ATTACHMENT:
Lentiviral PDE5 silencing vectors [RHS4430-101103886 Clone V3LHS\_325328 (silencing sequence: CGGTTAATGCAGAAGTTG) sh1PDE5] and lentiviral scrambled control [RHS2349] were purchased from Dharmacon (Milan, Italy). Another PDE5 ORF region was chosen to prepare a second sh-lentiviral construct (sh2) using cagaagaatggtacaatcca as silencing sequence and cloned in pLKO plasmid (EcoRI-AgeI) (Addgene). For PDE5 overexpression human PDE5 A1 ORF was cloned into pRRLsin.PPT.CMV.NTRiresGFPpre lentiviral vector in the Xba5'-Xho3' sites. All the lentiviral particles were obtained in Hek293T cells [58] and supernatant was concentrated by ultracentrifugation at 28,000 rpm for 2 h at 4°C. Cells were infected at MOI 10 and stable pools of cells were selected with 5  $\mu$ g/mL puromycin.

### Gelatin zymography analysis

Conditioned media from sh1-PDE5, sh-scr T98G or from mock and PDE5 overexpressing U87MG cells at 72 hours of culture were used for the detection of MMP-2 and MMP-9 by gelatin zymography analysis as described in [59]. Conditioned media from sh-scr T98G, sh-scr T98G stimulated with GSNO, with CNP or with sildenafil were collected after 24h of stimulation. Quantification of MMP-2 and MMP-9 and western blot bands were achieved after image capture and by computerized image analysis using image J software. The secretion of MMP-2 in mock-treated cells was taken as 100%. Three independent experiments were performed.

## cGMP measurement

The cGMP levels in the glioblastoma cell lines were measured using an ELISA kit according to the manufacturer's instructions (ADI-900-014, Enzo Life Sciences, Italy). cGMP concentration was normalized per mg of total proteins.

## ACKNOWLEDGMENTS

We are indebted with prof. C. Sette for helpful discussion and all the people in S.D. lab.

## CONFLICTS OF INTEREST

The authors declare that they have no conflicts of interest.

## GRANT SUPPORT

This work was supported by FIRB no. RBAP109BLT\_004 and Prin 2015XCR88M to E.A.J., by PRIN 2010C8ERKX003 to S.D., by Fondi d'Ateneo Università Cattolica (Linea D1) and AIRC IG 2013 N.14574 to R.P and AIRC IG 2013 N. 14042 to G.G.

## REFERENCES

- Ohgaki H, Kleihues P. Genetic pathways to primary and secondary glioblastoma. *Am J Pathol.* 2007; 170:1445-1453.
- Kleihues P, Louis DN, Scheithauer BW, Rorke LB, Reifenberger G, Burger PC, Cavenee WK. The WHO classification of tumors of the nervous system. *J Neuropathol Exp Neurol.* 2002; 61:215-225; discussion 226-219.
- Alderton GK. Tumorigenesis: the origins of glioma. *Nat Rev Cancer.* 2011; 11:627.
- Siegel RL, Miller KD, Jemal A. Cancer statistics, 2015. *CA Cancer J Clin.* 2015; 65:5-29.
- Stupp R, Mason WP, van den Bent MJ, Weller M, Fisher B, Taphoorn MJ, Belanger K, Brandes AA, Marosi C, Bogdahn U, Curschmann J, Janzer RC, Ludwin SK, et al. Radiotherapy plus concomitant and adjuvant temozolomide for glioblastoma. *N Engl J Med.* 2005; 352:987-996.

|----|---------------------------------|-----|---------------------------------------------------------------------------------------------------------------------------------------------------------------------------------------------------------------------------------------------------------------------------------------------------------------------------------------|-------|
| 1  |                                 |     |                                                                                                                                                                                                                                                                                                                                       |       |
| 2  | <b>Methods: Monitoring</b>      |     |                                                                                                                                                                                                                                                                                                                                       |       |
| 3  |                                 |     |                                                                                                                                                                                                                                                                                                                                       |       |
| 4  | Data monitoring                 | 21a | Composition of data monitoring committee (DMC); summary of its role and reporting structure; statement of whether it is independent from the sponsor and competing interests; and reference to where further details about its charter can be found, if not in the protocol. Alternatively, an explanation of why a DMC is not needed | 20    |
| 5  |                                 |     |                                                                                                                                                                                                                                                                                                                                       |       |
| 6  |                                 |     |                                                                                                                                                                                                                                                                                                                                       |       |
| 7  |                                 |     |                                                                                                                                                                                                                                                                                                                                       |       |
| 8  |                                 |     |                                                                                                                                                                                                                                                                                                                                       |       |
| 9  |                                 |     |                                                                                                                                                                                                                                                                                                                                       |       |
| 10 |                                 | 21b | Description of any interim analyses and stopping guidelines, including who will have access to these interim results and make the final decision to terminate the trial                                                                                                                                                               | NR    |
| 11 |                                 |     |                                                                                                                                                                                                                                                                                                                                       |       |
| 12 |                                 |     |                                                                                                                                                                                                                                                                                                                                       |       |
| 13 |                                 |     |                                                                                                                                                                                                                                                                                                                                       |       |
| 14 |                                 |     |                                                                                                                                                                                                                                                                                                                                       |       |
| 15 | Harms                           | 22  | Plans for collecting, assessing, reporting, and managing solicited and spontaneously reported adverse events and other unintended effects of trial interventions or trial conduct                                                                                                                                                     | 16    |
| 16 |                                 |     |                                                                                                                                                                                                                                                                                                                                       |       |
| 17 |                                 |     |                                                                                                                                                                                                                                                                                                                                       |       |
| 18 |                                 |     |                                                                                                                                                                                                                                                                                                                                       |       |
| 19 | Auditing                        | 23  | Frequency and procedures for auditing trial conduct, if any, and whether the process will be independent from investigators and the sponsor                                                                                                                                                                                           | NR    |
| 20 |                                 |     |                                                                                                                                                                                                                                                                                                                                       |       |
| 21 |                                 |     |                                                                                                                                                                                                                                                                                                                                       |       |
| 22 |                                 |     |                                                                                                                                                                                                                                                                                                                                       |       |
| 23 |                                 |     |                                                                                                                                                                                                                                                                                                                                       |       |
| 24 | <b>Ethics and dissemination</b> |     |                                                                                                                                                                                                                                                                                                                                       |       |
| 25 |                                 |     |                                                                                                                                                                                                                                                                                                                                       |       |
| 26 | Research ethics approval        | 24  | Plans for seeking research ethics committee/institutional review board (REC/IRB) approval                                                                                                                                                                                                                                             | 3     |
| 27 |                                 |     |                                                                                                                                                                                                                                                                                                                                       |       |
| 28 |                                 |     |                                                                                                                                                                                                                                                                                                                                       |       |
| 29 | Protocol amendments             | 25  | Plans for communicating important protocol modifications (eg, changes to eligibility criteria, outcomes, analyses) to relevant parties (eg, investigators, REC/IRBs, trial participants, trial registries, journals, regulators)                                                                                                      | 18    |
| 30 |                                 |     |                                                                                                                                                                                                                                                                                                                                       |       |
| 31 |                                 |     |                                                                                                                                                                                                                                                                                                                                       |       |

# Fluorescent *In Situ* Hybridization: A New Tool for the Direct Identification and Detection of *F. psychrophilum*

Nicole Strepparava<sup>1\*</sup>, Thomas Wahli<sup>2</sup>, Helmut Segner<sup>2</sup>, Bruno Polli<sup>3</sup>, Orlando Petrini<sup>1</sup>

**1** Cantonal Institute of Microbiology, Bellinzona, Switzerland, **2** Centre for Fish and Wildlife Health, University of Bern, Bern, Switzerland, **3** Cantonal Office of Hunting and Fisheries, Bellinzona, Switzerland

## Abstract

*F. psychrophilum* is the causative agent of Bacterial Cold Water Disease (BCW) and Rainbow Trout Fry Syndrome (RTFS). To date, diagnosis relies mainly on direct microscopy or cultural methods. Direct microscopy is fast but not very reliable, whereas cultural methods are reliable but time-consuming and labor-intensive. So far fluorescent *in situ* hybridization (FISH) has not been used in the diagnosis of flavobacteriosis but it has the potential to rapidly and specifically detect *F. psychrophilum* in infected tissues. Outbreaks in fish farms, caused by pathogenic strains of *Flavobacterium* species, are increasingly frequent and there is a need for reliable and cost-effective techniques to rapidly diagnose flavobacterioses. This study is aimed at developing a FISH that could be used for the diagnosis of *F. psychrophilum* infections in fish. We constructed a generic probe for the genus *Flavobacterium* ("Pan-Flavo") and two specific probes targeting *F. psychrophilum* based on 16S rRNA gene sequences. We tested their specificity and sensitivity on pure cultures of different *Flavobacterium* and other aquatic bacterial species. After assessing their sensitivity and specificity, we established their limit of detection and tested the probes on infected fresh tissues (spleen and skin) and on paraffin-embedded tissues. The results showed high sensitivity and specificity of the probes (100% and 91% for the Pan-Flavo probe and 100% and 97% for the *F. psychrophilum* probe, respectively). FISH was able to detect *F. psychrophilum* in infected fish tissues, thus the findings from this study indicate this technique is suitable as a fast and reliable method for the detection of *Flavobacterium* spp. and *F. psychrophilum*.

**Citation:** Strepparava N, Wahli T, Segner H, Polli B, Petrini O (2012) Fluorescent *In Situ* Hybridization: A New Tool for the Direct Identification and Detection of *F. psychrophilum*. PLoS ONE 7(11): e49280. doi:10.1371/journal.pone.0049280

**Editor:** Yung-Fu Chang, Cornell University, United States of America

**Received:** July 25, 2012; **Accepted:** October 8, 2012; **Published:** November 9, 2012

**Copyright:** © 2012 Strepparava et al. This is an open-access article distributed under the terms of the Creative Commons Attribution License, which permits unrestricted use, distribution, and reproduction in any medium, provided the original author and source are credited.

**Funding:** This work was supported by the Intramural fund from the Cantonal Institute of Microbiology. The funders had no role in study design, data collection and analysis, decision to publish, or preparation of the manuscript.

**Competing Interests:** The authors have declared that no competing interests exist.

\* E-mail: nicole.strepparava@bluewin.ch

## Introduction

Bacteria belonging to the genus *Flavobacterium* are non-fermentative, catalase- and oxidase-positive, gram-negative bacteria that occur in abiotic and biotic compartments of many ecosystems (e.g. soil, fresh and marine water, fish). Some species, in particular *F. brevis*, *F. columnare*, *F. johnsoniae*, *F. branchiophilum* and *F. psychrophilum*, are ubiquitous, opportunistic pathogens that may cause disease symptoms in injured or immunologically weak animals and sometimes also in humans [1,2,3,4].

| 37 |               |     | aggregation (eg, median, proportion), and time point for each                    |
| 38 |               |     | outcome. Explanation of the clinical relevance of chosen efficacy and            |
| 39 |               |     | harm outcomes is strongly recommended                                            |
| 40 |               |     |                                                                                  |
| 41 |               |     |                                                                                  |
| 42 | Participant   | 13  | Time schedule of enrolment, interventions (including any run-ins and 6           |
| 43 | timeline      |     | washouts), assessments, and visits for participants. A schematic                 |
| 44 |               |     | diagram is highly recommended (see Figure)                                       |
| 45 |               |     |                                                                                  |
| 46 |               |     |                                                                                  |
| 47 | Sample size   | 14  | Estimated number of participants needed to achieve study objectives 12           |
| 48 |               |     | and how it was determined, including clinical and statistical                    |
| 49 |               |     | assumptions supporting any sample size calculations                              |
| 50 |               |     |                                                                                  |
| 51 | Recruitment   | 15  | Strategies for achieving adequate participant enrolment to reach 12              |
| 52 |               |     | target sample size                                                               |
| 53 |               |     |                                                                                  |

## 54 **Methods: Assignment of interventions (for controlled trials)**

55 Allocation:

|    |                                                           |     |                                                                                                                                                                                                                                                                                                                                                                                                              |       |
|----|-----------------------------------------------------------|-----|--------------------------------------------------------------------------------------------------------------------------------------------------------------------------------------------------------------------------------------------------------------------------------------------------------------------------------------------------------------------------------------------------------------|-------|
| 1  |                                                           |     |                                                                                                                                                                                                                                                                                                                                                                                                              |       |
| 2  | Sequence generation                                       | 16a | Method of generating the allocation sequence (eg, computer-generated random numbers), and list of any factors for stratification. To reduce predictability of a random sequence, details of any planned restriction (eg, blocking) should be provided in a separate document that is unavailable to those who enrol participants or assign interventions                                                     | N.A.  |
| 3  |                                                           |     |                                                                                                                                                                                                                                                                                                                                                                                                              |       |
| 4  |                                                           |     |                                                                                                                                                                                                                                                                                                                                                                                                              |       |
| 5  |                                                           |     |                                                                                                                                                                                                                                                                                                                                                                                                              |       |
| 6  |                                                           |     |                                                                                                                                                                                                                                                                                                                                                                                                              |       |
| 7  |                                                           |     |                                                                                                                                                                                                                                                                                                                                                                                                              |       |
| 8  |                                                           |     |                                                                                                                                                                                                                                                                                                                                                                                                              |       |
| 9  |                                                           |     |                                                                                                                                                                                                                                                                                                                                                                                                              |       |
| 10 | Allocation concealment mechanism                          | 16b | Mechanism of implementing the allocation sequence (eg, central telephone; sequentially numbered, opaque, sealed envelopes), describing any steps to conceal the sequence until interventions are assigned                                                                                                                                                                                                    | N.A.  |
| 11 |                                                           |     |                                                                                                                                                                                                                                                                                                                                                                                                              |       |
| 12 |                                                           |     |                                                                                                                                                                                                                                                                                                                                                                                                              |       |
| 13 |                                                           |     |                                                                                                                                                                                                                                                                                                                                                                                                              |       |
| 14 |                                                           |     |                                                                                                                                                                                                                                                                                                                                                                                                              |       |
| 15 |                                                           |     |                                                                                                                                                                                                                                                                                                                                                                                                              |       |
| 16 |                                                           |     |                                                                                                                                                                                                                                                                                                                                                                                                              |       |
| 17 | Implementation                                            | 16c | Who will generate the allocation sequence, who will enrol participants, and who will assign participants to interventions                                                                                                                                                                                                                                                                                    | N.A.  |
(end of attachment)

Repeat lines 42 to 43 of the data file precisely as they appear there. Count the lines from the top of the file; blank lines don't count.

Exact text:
| 24 | <b>Ethics and dissemination</b> |     |                                                                                                                                                                                                                                                                                                                                       |       |
| 25 |                                 |     |                                                                                                                                                                                                                                                                                                                                       |       |